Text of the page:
I’m always fascinated by anything to do with Old Hollywood, so I was excited to learn about the property that screen legend Bette Davis owned in the White Mountains of New Hampshire.
She had two houses on the Sugar Hill farm, which she dubbed Butternut Cottage and Butternut Lodge.
They’re both holiday rentals now, so let’s take a look.
Bette Davis’s Butternut Cottage
After Bette Davis finished filming two movies in 1939, she returned to her native New England to take a much-needed break. She stopped at an Inn in Franconia, New Hampshire, called Peckett’s-on-Sugar-Hill, and fell in love.
As NH Magazine reports, “It was here that Bette Davis began two relationships — one with a man who would become her second husband, and the other with a swath of land high up on Sugar Hill called Butternut.”
Bette fell in love with Arthur Farnsworth, the assistant manager at the inn, and they were married in 1940.
Sadly, “Farny,” as she called him, died a short three years later after a bad fall.
Bette’s other love was a “shotgun shack” she purchased from the Peckett family.
She updated and added onto the shack, turning it into a cozy cottage.
The rental listing says:
The post and beam cottage has five fireplaces, two in the main dining and living area in addition to one in each of three of the cottage bedrooms. The fireplaces, original wide plank pine floors and rustic overhead beams bring to life the treasured features of simpler times. Come enjoy the historic nature of Butternut Cottage with a hint of Bette Davis memorabilia bringing the past, present and future to life in any season.
According to NH Magazine, “After Farny’s death Bette continued to come to Sugar Hill, but her trips became less frequent. She finally sold Butternut and, after a succession of owners and neglect, it fell into disrepair. Its only occupants were squirrels and raccoons that had made homes in the leaky roof. Butternut was abandoned and close to unsalvageable.”
“Michael O’Dwyer, a real estate broker from Stony Brook, N.Y., had heard about Butternut and after some cursory inquiry bought it sight unseen. For $180,000 he got a 150-year-old farmhouse that needed a roof, a new foundation, central heat and electricity.”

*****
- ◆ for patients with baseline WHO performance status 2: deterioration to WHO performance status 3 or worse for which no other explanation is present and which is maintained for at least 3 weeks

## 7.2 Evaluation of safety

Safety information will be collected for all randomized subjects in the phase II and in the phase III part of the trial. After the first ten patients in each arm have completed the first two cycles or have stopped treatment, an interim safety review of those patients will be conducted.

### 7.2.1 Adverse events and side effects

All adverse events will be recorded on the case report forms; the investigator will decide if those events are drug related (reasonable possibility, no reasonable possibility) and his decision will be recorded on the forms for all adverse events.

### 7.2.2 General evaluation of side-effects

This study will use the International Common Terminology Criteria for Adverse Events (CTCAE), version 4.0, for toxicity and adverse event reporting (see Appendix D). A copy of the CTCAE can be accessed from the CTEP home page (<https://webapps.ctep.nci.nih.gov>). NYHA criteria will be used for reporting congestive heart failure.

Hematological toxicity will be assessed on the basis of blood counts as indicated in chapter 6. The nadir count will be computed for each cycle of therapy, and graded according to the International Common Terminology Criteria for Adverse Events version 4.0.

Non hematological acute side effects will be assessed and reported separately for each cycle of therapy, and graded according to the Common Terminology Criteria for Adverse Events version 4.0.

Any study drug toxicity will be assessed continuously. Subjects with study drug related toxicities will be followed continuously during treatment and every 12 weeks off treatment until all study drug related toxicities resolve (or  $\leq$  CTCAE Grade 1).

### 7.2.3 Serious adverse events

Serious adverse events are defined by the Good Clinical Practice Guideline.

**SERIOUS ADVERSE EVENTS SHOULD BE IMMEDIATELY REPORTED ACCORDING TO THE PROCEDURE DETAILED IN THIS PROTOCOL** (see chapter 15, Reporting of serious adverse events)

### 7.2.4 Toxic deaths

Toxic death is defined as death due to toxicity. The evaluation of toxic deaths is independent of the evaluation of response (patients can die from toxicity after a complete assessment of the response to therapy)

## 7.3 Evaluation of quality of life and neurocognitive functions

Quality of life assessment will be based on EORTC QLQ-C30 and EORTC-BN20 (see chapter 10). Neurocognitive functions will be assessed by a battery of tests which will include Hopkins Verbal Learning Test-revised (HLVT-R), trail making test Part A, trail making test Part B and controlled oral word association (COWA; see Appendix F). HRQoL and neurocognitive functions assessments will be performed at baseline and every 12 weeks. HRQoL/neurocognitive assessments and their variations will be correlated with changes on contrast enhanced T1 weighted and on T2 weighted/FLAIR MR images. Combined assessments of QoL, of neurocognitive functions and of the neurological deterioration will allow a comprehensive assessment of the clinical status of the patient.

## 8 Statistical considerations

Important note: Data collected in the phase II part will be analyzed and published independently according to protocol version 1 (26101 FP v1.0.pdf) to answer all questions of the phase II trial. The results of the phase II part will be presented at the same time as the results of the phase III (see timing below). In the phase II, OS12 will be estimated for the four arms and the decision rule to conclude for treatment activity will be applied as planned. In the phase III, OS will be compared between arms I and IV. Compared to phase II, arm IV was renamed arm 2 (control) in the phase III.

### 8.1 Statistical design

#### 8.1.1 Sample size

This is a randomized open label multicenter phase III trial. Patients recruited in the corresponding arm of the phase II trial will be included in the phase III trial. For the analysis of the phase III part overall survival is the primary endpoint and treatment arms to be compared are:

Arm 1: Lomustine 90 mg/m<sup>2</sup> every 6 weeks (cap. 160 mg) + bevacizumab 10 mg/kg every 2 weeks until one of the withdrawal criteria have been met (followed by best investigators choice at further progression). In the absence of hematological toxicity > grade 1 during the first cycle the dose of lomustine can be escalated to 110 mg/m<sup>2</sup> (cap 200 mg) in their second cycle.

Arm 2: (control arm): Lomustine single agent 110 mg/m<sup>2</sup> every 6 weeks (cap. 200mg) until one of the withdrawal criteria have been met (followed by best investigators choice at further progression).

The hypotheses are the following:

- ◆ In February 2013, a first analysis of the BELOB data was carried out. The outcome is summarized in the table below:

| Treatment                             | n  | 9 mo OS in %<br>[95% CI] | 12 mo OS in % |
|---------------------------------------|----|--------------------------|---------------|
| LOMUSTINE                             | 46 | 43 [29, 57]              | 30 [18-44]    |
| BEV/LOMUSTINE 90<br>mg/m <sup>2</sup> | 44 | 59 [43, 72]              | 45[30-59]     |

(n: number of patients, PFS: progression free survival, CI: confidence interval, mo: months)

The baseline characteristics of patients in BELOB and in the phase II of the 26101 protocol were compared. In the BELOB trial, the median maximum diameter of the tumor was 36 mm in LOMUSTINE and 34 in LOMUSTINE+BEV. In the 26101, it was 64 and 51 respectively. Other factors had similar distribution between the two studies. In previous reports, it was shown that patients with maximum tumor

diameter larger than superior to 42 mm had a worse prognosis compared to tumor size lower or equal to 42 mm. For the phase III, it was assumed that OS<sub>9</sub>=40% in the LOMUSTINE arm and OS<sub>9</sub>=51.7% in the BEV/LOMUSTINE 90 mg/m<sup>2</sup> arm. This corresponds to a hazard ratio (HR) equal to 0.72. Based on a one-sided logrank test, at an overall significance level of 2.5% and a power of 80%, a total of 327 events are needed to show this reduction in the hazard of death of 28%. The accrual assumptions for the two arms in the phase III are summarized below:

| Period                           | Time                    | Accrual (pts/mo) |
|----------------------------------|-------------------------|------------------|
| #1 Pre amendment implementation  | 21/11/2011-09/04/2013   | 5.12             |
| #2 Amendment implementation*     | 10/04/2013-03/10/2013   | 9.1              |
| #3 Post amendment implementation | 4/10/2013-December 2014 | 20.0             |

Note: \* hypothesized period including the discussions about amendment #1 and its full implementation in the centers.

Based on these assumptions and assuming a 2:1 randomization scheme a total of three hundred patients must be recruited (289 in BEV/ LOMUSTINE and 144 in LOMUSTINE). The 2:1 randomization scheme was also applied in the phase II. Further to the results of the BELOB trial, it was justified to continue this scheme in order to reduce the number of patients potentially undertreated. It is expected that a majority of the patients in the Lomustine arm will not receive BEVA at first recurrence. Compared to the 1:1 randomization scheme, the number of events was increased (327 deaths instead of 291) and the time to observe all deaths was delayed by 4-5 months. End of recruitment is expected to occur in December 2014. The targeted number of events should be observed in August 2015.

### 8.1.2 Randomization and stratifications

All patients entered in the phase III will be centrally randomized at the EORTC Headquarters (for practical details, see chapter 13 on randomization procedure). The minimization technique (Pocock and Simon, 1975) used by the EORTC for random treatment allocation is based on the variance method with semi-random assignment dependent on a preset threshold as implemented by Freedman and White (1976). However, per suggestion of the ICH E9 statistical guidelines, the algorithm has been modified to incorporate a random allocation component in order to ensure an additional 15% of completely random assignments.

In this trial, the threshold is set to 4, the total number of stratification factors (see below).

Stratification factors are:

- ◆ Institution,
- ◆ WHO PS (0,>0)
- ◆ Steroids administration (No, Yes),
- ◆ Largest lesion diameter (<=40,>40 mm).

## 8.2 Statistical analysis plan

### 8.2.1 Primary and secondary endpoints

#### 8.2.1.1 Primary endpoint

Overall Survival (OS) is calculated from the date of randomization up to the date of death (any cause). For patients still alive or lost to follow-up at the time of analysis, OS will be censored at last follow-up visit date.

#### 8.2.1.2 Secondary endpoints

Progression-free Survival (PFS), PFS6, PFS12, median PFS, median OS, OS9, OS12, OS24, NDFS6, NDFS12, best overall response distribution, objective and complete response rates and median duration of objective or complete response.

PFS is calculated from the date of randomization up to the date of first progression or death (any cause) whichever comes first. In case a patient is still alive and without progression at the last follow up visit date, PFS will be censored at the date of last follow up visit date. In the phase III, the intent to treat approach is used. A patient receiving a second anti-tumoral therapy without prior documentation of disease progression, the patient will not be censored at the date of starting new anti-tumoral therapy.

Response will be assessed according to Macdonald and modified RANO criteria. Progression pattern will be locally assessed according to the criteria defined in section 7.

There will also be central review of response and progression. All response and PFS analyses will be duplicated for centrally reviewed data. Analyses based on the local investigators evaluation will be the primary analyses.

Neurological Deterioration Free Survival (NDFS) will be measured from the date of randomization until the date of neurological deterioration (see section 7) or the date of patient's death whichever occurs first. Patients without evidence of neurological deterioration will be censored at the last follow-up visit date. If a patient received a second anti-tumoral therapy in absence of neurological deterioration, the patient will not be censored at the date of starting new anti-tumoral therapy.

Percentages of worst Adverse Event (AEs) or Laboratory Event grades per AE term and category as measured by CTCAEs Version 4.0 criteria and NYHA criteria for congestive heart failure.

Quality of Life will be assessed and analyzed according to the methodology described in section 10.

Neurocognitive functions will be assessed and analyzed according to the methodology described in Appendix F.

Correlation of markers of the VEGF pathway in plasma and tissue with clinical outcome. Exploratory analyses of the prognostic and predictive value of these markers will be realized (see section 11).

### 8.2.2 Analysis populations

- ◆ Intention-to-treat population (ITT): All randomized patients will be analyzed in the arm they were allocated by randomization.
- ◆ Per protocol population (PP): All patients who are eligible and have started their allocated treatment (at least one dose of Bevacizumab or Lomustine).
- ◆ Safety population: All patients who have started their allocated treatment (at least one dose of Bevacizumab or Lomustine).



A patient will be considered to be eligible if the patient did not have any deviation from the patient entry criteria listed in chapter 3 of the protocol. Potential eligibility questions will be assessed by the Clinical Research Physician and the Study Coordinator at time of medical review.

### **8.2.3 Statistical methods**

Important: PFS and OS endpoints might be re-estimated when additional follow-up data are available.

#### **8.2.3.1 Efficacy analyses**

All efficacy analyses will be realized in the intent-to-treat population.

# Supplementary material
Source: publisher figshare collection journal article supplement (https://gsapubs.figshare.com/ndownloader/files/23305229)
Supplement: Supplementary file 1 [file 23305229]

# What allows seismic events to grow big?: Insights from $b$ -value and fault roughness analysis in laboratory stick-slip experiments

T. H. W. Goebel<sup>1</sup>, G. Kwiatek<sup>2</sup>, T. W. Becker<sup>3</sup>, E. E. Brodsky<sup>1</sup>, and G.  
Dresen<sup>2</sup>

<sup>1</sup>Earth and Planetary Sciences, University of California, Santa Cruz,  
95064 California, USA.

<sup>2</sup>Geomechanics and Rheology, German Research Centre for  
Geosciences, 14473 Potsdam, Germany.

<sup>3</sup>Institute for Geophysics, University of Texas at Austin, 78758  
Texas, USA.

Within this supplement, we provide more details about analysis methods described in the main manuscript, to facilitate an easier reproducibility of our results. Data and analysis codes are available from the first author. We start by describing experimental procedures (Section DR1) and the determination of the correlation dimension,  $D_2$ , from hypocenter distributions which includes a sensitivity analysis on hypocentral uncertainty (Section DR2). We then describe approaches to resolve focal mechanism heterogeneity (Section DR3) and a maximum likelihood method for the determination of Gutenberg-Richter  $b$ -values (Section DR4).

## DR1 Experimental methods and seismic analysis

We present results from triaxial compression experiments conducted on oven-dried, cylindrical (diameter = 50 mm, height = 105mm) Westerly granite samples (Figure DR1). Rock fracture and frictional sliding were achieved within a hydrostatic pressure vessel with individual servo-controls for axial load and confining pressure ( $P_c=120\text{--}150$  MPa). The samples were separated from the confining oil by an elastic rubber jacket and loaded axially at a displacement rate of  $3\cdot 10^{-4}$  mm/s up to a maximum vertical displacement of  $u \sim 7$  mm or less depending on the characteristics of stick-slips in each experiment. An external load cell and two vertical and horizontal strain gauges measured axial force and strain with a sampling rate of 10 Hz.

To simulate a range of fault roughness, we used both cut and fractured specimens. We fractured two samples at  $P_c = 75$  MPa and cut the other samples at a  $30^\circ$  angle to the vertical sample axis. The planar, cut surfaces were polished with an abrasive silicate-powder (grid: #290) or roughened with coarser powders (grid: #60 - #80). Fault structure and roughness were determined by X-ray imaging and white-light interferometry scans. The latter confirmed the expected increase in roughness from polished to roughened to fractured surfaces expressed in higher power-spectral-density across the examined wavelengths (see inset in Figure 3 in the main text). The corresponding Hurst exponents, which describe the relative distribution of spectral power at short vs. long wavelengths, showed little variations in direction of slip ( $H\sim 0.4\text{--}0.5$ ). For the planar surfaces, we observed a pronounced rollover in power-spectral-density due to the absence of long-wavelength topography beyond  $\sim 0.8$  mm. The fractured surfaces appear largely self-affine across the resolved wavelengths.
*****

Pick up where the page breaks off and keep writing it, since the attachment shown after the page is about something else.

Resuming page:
He set out to restore the house, adding as many original pieces and as much Davis memorabilia to it as he could find.
Did you know Steven Spielberg bought one of her Oscars at a Sotheby’s auction so he could return it to the Academy of Motion Picture Arts and Sciences? (Very cool thing to do, Steven!)
Bette Davis’s Butternut Lodge
She had an old barn dismantled in Vermont and used it to build Butternut Lodge higher up on her Sugar Hill property.
The lodge’s rental listing says:
This inviting Sugar Hill home, built by actress Bette Davis in 1940, retains the character of that grand era, while accommodating family and friends in modern style. Located three miles from Franconia on 22 private, wooded acres overlooking the White Mountains, it is attractively furnished with country antiques, accessories, and artworks.
The spacious main floor boasts beamed ceilings, random width pine floors, four picture windows, two grand fireplaces highlighting the living & kitchen/dining areas, an enclosed porch, and full bath.
The unique silo staircase leads from a 1st floor bar to the master bedroom, and then up to a quiet 3rd floor sitting room.
You can read more about Bette Davis and Butternut Farm here:
- Bette Davis Eyes Sugar Hill
- Celebrities in Our Midst: Bette Davis
- The LIFE magazine pictorial from 1941
- The Official Bette Davis website
The lodge sits on 22 private acres.
Thanks to Donna for telling me about the properties and submitting these photos.
For rental information, check the listings for Butternut Cottage and Butternut Lodge.
Read the LIFE magazine pictorial from 1941 that featured Bette on Butternut Farm.